Path type 2: Stroll paths: goalless not pointless

Some sketches by the late Australian planner Christopher Millard representing paths used for strolling.

Some sketches by the late Australian planner Christopher Millard representing paths used for strolling. (Click on the image to enlarge.)

“I have met with but one or two persons in the course of my life who understood the art of Walking, that is, of taking walks,—who had a genius, so to speak for sauntering, which word is beautifully derived ‘from idle people who roved about the country, in the Middle Ages, and asked charity, under pretence of going à la Sainte Terre, to the Holy Land, till the children exclaimed, ‘There goes a Sainte-Terrer,’ a Saunterer,—a Holy Lander…. For every walk is a sort of crusade, preached by some Peter the Hermit in us, to go forth and reconquer this Holy Land from the hands of the Infidels.”

—Henry David Thoreau, Walking. 1862.

Interesting how Thoreau could convert strolling, which is walking without a destination, into a crusade, which nearly always has a goal and a destination. It is easier to think in Dickens’ terms of  “objectless, loitering, and purely vagabond” outings.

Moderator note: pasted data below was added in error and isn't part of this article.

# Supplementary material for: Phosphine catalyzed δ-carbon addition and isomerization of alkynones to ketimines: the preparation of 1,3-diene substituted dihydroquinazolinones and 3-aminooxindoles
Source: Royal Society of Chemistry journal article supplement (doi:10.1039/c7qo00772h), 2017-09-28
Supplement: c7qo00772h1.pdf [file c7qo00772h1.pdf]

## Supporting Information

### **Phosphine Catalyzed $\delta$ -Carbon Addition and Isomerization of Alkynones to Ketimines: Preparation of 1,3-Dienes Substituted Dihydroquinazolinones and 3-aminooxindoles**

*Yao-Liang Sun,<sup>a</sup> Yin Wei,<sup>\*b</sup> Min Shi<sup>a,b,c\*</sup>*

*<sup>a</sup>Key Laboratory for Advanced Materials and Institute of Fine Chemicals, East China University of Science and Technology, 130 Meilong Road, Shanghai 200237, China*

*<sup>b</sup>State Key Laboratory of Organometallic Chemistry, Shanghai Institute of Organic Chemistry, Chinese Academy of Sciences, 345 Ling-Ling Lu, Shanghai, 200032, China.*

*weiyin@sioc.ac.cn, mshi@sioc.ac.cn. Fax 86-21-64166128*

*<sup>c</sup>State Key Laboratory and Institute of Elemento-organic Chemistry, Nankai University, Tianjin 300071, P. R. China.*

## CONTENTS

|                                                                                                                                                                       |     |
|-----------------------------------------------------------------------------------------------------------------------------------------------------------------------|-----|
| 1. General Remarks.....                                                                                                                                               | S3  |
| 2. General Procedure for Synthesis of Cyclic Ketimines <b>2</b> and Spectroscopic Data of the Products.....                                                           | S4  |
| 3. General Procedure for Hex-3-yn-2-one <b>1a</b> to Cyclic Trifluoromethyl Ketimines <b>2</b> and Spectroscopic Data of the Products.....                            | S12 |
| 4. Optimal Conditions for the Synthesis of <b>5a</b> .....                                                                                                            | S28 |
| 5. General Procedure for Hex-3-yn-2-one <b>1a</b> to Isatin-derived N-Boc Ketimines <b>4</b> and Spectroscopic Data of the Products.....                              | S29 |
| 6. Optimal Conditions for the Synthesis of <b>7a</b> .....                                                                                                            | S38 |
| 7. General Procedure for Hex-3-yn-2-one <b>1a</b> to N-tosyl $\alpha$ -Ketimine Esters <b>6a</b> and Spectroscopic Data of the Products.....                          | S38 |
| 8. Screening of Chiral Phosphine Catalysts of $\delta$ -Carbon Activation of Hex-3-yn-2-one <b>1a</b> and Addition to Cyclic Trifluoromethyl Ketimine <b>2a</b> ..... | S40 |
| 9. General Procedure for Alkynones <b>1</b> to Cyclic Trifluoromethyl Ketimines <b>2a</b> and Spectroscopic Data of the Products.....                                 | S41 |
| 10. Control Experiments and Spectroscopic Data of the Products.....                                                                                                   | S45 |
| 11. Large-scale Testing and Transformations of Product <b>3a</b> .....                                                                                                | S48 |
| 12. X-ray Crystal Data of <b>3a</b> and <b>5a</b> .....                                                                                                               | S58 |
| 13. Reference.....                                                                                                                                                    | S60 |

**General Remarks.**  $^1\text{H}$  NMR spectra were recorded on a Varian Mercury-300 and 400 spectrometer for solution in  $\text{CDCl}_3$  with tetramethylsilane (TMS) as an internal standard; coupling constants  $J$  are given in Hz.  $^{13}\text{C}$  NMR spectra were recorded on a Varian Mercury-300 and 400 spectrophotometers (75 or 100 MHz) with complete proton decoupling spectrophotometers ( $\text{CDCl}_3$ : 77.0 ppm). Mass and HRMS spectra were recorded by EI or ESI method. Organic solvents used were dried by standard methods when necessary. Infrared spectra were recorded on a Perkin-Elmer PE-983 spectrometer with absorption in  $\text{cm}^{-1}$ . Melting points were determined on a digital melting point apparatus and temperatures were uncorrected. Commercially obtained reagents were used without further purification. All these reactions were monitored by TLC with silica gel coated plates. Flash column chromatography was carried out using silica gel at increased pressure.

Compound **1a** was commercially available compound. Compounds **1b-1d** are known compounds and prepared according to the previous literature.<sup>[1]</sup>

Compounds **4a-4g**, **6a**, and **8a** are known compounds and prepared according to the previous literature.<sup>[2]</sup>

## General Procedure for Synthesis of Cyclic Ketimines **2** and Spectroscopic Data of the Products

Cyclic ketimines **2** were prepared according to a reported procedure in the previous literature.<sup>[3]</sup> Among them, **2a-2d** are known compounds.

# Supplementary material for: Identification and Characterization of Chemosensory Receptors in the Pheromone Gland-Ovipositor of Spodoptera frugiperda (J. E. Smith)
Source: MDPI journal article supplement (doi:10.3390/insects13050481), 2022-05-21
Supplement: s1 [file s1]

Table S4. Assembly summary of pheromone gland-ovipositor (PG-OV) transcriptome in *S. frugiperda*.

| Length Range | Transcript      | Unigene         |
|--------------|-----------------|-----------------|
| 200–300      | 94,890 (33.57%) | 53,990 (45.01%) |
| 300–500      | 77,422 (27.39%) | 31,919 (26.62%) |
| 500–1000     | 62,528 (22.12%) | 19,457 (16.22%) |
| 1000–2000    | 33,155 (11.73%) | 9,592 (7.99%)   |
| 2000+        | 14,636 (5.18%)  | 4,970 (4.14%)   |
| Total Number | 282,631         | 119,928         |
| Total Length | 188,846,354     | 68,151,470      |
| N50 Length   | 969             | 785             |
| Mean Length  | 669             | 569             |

We want to get out in the sun for a while, shake off a hectic day at home or office, ruminate on a thorny topic, idly window shop, or walk a dog, by ourselves or with a neighbor or a friend. Whatever the prompt, personal or social, we accomplish our purpose by simply taking the walk, often arriving back where we began. Unlike the directness associated with goal-driven paths, the stroll, and the stroller, can meander.

The rewards of strolling range from relaxation to affiliation, motives that occupy upper rungs of Maslow’s hierarchy of human needs, so strolling presupposes that our basic needs for food, water, comfort, security, and shelter have been met.

Still, since we have time to focus on our personal wellbeing, we prefer a strolling path that provides creature comforts—sun and shade, seating, food, and water. It must allow us to relax, being easy to get to and simple and safe to get around.

Ideally, it feels like a world apart from the hurly-burly of our daily lives, a place that invites exploration, a sense of mystery, and surroundings that change by the hour, the day or the season.

At its best, a strolling path engages all our senses—textures to touch, harmonics to hear, sweet scents to smell, and sights to see. Along it, we know we will not be harried, hurried, or lost; we hope to be cheered and uplifted or at least refreshed.

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